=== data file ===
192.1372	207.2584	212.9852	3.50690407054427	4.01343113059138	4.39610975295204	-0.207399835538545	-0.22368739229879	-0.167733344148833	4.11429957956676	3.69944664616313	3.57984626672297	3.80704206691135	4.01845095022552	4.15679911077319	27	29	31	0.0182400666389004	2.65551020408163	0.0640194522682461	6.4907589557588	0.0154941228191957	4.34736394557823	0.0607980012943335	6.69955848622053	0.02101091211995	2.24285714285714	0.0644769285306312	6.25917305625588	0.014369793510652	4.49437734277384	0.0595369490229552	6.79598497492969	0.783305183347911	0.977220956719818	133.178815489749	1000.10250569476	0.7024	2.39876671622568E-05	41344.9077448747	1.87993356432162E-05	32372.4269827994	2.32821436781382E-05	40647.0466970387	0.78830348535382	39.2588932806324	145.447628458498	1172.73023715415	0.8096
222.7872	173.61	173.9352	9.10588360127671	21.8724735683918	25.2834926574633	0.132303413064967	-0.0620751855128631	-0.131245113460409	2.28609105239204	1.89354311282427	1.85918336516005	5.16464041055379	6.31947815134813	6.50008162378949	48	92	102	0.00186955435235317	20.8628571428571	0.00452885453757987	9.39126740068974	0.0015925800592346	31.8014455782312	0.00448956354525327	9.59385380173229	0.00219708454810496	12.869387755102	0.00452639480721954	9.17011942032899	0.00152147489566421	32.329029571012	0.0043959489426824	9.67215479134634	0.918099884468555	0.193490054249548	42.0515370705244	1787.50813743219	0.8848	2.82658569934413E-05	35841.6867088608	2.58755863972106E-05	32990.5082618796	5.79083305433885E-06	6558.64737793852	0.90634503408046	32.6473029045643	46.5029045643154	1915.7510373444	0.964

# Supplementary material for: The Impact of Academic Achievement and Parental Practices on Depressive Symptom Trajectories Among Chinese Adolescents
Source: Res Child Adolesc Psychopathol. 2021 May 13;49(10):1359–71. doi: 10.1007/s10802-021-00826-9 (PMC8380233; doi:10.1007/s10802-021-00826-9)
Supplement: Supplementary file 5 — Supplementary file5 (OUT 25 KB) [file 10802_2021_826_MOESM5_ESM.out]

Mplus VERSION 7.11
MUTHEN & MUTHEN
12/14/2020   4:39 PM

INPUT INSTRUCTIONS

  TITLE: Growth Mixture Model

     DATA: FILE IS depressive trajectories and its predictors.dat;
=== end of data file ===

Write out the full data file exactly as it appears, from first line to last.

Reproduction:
192.1372	207.2584	212.9852	3.50690407054427	4.01343113059138	4.39610975295204	-0.207399835538545	-0.22368739229879	-0.167733344148833	4.11429957956676	3.69944664616313	3.57984626672297	3.80704206691135	4.01845095022552	4.15679911077319	27	29	31	0.0182400666389004	2.65551020408163	0.0640194522682461	6.4907589557588	0.0154941228191957	4.34736394557823	0.0607980012943335	6.69955848622053	0.02101091211995	2.24285714285714	0.0644769285306312	6.25917305625588	0.014369793510652	4.49437734277384	0.0595369490229552	6.79598497492969	0.783305183347911	0.977220956719818	133.178815489749	1000.10250569476	0.7024	2.39876671622568E-05	41344.9077448747	1.87993356432162E-05	32372.4269827994	2.32821436781382E-05	40647.0466970387	0.78830348535382	39.2588932806324	145.447628458498	1172.73023715415	0.8096
222.7872	173.61	173.9352	9.10588360127671	21.8724735683918	25.2834926574633	0.132303413064967	-0.0620751855128631	-0.131245113460409	2.28609105239204	1.89354311282427	1.85918336516005	5.16464041055379	6.31947815134813	6.50008162378949	48	92	102	0.00186955435235317	20.8628571428571	0.00452885453757987	9.39126740068974	0.0015925800592346	31.8014455782312	0.00448956354525327	9.59385380173229	0.00219708454810496	12.869387755102	0.00452639480721954	9.17011942032899	0.00152147489566421	32.329029571012	0.0043959489426824	9.67215479134634	0.918099884468555	0.193490054249548	42.0515370705244	1787.50813743219	0.8848	2.82658569934413E-05	35841.6867088608	2.58755863972106E-05	32990.5082618796	5.79083305433885E-06	6558.64737793852	0.90634503408046	32.6473029045643	46.5029045643154	1915.7510373444	0.964

# Supplementary material for: The Impact of Academic Achievement and Parental Practices on Depressive Symptom Trajectories Among Chinese Adolescents
Source: Res Child Adolesc Psychopathol. 2021 May 13;49(10):1359–71. doi: 10.1007/s10802-021-00826-9 (PMC8380233; doi:10.1007/s10802-021-00826-9)
Supplement: Supplementary file 5 — Supplementary file5 (OUT 25 KB) [file 10802_2021_826_MOESM5_ESM.out]

Mplus VERSION 7.11
MUTHEN & MUTHEN
12/14/2020   4:39 PM

INPUT INSTRUCTIONS

  TITLE: Growth Mixture Model

     DATA: FILE IS depressive trajectories and its predictors.dat;